Questions remain on who knew what of Garda bugging
Chain of events surrounding this week’s revelations still unclear
Minister for Justice and Equality Alan Shatter and former garda commissioner Martin Callinan: what exactly did they know about secretive recording? Photograph: Brenda Fitzsimons
The Government insists it moved as quickly as possible to seek a commission of inquiry into the Garda bugging affair but questions remain as to the exact chain of events.
In focus right now are Taoiseach Enda Kenny, Minister for Justice Alan Shatter, Attorney General Máire Whelan, Department of Justice secretary general Brian Purcell and former Garda commissioner Martin Callinan. What precisely did they know about the secretive recording system? When? And what did they do about it?
The roots of the debacle stretch right back to an effort in the 1980s to track bomb threats phoned to Garda stations at the height of the Troubles in the North. The questions this raises are as numerous as they are profound.
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In the frame more immediately, however, is Mr Kenny’s declaration that he did not learn of the matter and its wider implications until he met Ms Whelan on Sunday evening. This followed a phone call that morning from the Taoiseach to Ms Whelan. He said such calls are a matter of routine in advance of a Cabinet meeting, but there was more. “She indicated that there was another matter that I should be made aware of and that she was not prepared to talk to me about the matter on the telephone,” the Taoiseach told the Dáil. In his own account, this was the first Mr Kenny knew of the matter.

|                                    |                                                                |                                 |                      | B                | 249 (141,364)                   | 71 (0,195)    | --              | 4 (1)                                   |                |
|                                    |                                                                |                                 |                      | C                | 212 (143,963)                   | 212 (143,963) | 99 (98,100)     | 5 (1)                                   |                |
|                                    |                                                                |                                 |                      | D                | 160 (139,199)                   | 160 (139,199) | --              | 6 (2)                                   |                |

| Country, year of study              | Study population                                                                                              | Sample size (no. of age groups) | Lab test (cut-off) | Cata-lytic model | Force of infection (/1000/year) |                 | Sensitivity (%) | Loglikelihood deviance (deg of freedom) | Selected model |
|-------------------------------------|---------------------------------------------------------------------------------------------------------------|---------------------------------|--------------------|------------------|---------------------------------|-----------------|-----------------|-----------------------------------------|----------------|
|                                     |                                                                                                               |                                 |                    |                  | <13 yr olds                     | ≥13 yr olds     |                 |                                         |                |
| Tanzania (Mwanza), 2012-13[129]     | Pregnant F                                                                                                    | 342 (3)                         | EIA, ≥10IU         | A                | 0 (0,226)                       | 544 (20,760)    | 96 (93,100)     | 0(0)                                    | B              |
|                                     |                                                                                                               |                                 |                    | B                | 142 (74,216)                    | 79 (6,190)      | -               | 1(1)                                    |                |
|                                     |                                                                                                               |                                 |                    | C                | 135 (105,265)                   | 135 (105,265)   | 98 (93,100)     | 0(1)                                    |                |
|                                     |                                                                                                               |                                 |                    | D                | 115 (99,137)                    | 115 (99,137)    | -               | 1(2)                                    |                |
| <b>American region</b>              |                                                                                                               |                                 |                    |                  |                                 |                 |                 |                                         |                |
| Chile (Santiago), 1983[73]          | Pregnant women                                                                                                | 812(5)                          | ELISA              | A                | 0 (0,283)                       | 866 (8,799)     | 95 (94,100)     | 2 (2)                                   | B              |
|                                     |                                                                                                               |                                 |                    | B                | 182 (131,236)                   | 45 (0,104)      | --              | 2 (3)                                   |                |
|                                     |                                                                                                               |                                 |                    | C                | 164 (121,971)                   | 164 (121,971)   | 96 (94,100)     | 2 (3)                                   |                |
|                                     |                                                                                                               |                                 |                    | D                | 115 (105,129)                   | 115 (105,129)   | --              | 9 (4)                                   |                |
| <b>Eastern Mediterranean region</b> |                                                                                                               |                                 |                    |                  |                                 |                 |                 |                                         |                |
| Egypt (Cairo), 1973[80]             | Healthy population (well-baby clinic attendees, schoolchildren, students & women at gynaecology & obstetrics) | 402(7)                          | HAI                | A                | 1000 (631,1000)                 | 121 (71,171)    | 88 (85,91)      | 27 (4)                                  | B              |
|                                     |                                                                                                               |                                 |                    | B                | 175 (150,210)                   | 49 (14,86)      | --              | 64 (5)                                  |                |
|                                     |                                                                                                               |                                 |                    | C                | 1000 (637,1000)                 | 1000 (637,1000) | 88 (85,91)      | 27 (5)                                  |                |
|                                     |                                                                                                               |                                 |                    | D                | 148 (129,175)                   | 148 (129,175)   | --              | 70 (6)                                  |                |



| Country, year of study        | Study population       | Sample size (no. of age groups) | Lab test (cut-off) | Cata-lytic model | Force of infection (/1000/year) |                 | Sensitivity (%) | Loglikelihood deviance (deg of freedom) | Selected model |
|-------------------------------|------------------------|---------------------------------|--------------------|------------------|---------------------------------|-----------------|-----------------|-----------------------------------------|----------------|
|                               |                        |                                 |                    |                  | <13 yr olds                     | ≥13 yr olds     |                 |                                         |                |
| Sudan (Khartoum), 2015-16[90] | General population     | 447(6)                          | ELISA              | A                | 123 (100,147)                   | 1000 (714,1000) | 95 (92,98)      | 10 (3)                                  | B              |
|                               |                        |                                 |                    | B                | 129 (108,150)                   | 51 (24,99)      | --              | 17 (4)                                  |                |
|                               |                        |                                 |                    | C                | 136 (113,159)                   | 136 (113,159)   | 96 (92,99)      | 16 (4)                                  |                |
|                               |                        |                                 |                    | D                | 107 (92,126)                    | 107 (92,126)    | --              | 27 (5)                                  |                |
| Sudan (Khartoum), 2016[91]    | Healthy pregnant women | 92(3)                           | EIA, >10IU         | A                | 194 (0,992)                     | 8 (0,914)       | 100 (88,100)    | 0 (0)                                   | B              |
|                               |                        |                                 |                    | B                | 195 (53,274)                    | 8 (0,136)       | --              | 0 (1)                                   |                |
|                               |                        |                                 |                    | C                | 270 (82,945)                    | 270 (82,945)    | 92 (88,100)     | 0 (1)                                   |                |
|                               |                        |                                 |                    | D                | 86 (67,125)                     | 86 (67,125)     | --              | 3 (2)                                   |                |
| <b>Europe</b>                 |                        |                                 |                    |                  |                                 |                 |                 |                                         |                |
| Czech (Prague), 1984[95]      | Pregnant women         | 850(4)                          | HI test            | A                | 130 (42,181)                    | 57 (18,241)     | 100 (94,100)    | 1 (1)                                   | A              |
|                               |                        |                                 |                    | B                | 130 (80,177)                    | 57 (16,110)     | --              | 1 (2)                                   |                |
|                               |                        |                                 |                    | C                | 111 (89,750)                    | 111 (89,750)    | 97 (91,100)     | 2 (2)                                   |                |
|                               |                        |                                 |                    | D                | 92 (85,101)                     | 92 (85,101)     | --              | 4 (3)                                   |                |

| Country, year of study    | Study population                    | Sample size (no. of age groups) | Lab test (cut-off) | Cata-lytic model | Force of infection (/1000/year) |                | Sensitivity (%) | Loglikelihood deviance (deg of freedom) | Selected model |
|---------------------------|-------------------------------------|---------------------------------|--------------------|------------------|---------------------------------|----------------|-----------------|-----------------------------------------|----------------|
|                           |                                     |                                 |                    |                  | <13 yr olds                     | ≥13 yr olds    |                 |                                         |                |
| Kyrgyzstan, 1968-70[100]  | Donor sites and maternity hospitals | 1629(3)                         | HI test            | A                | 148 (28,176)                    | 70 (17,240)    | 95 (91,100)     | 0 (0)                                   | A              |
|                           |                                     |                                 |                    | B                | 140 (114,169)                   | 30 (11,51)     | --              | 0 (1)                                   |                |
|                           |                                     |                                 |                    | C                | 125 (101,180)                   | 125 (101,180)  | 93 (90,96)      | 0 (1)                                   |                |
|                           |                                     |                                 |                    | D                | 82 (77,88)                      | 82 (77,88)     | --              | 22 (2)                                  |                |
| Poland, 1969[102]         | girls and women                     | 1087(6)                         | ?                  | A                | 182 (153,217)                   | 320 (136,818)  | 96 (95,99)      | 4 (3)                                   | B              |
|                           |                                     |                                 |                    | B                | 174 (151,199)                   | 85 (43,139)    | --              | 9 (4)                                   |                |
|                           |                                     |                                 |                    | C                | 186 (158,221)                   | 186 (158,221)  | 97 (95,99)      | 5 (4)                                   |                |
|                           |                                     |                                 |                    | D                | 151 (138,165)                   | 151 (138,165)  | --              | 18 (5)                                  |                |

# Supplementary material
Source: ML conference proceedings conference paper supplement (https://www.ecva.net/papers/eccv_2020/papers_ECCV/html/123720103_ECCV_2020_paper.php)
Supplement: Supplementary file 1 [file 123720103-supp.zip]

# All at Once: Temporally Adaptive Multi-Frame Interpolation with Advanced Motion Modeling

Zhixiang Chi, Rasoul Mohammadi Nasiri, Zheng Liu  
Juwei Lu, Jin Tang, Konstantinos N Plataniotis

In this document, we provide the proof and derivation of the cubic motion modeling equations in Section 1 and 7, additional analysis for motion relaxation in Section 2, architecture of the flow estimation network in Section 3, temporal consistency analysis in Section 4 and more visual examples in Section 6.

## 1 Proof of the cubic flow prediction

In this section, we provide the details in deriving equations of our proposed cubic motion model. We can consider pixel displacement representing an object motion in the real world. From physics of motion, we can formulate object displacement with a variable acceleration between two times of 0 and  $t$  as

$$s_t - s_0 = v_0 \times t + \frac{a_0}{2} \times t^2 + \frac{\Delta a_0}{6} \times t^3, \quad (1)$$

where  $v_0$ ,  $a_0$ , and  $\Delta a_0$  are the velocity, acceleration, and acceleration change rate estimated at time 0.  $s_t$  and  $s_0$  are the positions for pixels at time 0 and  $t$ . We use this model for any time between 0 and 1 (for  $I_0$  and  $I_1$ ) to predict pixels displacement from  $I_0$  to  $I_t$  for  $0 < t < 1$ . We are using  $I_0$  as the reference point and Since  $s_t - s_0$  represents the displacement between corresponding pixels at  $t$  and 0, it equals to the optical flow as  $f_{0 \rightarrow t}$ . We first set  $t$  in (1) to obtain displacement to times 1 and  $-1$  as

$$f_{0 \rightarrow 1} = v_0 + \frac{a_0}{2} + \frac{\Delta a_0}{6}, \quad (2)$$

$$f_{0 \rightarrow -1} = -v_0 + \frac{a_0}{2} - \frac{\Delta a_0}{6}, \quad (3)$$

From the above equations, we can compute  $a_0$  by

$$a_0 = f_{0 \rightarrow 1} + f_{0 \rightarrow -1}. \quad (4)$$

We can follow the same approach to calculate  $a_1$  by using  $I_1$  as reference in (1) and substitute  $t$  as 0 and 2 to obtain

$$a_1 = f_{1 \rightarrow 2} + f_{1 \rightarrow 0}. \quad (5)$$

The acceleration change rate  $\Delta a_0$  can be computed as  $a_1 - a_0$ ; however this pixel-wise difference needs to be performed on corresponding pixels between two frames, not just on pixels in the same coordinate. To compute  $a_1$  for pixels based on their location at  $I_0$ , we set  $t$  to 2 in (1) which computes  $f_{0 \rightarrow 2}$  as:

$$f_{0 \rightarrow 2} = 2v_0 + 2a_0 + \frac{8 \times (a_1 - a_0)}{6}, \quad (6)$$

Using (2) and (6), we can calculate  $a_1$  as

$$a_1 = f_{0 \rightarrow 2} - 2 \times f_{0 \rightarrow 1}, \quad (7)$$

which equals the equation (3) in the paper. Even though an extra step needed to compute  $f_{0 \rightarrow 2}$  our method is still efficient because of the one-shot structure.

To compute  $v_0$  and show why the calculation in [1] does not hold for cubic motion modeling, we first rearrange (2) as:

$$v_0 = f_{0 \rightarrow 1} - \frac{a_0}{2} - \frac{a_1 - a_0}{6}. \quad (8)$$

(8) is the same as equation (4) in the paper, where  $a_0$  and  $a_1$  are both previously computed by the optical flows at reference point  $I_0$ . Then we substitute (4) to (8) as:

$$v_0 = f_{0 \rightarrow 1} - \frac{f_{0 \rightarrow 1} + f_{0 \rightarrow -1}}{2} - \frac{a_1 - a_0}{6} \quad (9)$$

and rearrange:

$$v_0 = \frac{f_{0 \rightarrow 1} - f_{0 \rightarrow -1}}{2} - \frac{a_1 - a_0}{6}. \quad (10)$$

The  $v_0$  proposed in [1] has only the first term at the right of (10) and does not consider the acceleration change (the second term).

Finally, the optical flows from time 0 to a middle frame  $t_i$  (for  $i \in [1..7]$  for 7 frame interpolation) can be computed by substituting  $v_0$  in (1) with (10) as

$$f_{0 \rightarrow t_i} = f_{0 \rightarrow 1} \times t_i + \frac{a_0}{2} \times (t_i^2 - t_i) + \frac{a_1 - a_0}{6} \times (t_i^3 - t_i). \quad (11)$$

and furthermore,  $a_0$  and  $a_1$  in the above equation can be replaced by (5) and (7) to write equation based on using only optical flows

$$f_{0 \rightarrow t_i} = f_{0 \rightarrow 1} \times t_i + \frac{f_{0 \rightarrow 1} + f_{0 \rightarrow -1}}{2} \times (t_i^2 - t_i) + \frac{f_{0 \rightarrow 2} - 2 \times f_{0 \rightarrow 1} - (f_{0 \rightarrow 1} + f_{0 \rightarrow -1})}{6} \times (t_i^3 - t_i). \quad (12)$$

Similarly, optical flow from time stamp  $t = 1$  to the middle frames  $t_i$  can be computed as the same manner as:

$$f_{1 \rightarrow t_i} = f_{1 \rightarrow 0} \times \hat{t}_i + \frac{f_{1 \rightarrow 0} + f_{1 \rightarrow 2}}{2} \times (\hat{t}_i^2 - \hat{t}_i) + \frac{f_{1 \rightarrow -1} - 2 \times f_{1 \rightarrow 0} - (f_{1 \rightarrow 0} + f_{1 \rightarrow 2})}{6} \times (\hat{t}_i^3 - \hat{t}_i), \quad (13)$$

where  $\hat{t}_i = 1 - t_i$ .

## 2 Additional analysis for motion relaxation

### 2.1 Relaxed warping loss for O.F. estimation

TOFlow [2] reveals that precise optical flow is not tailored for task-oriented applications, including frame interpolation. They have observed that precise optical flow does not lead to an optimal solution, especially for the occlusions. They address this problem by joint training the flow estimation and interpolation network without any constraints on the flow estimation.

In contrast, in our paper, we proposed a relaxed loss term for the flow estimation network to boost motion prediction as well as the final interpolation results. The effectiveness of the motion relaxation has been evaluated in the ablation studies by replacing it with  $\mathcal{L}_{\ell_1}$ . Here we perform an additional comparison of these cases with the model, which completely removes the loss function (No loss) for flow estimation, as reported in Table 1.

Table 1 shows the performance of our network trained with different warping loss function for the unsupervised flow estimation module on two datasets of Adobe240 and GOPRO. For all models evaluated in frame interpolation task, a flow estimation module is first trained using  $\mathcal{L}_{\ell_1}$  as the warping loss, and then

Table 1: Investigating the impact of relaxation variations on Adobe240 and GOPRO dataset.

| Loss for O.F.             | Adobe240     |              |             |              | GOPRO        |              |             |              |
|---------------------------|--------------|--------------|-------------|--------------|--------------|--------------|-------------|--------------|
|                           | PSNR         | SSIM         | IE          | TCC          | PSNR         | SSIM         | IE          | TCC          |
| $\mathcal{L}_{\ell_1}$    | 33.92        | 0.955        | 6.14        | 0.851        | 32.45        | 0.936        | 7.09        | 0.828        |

Mr Shatter’s assertion is that he knew nothing of it until Monday evening. The Minister did not see a letter on the matter from Mr Callinan until lunchtime the next day, three hours after Mr Callinan unexpectedly resigned. No less than 16 days had passed since Mr Callinan had written to Mr Purcell, the letter dated March 10th and including a request that it be shown to the Minister.
The first Tánaiste Eamon Gilmore heard of the issue was when Mr Kenny told him on Tuesday morning before the Cabinet meeting.
Although the response was indeed rapid, two events last year help set the scene. These are: Mr Callinan’s termination of the recording scheme in November; and litigation arising from the 1996 murder of Sophie Toscan du Plantier.
Also relevant are sustained attacks on Mr Shatter over his response to an assortment of Garda controversies, and similar pressure on Mr Callinan. The Government has dismissed Opposition claims it is using the bugging affair as a foil to shield Mr Shatter from the fallout of Mr Callinan’s exit.
We do not know the exact reason for Mr Callinan’s decision to scrap the recording system. In the backdrop, however, is a wrongful arrest action taken by Ian Bailey against the Garda and State in relation to the Toscan du Plantier case.
The Garda recordings ceased on November 27th, 2013. Two days earlier, the High Court was told that new material involving about 16,000 records, some of them electronic, had emerged in the course of the Bailey action. Senior counsel Paul O’Higgins told the court fresh and unexpected material had come up in relation to matters such as phone traffic. At that time, the court told the State to produce the material by March 25th, Tuesday of this week.